Hrachia Acharian

  (Redirected from Hrachia Adjarian)

Hrachia Acharian[a] (Armenian: Հրաչեայ Աճառեան, reformed spelling: Հրաչյա Աճառյան; 8 March 1876 – 16 April 1953) was an Armenian linguist,[1] lexicographer, etymologist, and philologist.

Hrachia Acharian
Hrachia Adjarian.jpg
Born20 March [O.S. 8 March] 1876
Istanbul (Constantinople), Ottoman Empire
Died16 April 1953(1953-04-16) (aged 77)
Yerevan, Armenian SSR, Soviet Union
EducationUniversity of Paris
University of Strasbourg
OccupationLinguist, educator
Herachiay Atcharian Signature 1926.png

An Istanbul Armenian, Acharian studied at local Armenian schools and at the Sorbonne, under Antoine Meillet, and the University of Strasbourg, under Heinrich Hübschmann. He then taught at various Armenian communities in the Russian Empire and Iran before settling in the Armenian Soviet Socialist Republic in 1923, working at Yerevan State University until his death.

A distinguished polyglot, Acharian compiled several major dictionaries, including the monumental Armenian Etymological Dictionary, extensively studied Armenian dialects, compiled catalogs of Armenian manuscripts, and authored comprehensive studies on the history of Armenian language and alphabet. Acharian is considered the father of Armenian linguistics.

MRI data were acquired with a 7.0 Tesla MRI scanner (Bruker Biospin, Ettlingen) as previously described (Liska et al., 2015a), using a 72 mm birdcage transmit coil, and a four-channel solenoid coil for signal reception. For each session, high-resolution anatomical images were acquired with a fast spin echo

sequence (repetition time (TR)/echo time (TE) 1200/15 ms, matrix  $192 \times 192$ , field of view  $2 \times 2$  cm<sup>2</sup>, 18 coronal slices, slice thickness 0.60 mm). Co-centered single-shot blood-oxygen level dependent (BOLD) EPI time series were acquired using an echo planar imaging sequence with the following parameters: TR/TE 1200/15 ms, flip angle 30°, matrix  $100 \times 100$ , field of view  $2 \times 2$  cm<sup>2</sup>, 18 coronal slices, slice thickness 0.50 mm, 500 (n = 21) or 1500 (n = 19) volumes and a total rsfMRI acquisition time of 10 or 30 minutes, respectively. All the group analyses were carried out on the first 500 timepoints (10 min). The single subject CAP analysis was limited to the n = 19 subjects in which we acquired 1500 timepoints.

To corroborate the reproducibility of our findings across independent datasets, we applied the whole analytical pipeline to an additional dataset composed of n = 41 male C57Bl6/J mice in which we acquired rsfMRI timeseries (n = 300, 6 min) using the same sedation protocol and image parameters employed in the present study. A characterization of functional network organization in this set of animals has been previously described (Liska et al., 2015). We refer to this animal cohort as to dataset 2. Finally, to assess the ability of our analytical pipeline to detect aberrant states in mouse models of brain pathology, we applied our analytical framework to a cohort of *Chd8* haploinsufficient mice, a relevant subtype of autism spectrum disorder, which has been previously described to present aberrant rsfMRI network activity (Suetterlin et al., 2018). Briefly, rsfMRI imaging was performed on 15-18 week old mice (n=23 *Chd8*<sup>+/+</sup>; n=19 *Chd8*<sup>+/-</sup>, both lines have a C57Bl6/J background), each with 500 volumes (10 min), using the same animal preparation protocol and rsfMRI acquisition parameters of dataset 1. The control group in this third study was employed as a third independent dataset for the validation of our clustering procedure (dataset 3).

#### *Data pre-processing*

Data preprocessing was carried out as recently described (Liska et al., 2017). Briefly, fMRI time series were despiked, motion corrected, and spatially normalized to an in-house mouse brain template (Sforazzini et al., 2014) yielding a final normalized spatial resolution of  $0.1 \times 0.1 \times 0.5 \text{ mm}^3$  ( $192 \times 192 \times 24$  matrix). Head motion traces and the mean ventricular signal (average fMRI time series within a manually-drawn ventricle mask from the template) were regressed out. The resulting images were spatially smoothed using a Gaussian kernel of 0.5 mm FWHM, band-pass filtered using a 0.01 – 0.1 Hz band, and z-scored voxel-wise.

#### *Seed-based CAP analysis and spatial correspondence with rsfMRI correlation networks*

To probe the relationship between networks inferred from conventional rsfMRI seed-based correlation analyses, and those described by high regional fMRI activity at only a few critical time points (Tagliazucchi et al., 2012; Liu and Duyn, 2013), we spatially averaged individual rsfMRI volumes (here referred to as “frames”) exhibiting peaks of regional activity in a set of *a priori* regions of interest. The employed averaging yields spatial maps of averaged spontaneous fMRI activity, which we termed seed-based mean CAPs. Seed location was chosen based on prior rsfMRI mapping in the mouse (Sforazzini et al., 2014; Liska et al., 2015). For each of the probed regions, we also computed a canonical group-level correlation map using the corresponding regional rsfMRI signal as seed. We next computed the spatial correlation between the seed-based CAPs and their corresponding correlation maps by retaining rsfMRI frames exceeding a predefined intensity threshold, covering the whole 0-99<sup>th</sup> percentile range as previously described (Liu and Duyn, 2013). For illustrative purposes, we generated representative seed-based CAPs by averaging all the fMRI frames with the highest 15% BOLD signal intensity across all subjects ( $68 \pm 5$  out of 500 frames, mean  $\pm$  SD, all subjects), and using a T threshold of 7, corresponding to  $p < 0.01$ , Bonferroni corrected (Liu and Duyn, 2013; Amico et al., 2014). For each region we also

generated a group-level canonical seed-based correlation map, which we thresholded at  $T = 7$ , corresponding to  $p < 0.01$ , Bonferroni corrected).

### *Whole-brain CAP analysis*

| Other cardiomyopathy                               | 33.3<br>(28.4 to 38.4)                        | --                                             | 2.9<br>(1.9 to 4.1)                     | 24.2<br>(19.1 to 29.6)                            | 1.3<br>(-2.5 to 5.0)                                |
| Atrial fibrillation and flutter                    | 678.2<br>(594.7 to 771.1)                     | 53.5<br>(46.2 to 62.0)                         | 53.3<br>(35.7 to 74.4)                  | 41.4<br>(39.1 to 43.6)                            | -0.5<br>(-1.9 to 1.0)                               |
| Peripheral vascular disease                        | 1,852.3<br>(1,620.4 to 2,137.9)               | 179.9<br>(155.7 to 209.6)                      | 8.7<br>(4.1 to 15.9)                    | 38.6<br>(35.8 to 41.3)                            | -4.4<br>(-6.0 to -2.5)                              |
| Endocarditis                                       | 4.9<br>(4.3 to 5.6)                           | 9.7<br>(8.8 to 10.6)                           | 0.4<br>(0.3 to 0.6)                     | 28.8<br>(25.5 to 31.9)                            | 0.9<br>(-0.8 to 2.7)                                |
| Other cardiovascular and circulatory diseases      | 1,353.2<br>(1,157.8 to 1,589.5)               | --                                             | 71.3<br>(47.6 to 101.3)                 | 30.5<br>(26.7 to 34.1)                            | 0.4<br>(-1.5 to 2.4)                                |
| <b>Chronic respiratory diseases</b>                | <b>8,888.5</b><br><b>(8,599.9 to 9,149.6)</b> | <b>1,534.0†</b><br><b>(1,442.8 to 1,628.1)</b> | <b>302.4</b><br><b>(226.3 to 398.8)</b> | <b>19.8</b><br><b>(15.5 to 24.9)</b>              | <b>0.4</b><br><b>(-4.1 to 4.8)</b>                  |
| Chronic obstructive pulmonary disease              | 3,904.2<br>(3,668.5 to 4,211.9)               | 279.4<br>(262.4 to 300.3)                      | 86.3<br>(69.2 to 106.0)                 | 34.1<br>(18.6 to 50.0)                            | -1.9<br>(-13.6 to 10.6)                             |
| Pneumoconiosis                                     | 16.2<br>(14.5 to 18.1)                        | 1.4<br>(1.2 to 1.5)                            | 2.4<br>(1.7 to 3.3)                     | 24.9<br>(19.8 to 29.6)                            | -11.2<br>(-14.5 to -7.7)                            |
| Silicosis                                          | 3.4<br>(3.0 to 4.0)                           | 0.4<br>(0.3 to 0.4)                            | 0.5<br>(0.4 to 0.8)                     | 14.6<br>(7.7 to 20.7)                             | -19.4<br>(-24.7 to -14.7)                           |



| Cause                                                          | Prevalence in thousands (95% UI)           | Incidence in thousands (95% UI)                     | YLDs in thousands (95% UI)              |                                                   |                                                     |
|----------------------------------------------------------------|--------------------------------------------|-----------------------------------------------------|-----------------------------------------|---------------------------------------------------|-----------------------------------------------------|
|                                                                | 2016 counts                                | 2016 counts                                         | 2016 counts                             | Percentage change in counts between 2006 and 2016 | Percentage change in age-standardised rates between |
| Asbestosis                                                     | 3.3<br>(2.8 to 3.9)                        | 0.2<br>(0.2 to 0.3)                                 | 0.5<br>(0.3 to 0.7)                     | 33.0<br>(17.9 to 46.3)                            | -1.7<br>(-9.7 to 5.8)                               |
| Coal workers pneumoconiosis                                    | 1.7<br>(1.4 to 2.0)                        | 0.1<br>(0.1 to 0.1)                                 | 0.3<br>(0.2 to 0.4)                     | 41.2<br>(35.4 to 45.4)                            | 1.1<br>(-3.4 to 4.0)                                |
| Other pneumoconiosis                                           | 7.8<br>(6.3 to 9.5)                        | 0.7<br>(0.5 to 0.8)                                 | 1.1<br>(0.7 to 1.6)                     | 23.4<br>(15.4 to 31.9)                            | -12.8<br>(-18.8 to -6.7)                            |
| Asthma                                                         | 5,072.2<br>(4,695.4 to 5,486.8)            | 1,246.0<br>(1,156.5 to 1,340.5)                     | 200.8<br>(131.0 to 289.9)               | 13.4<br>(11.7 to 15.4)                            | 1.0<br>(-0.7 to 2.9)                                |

Acharian was born in Istanbul (Constantinople) on 8 March 1876 to Armenian parents.[2] Acharian was blinded in one eye at an early age.[3] His father, Hakob, was a shoemaker. He received initial education at the Aramian and Sahagian Schools in Samatya,[4] then at the Getronagan (1889-93), where he learned French, Turkish, and Persian.[5] Upon graduation, he began teaching in Kadıköy, Constantinople, but in 1894 he moved to teach at the Sanasarian College in Erzurum.[6] In 1895 he was accepted to the University of Paris (Sorbonne), where he studied under, among others, Antoine Meillet. In 1897 he became a member of Société de Linguistique de Paris (Linguistic Society of Paris), where he presented a study on the Laz language. He then met Heinrich Hübschmann and transferred to the University of Strasbourg in 1898.[5][2][1]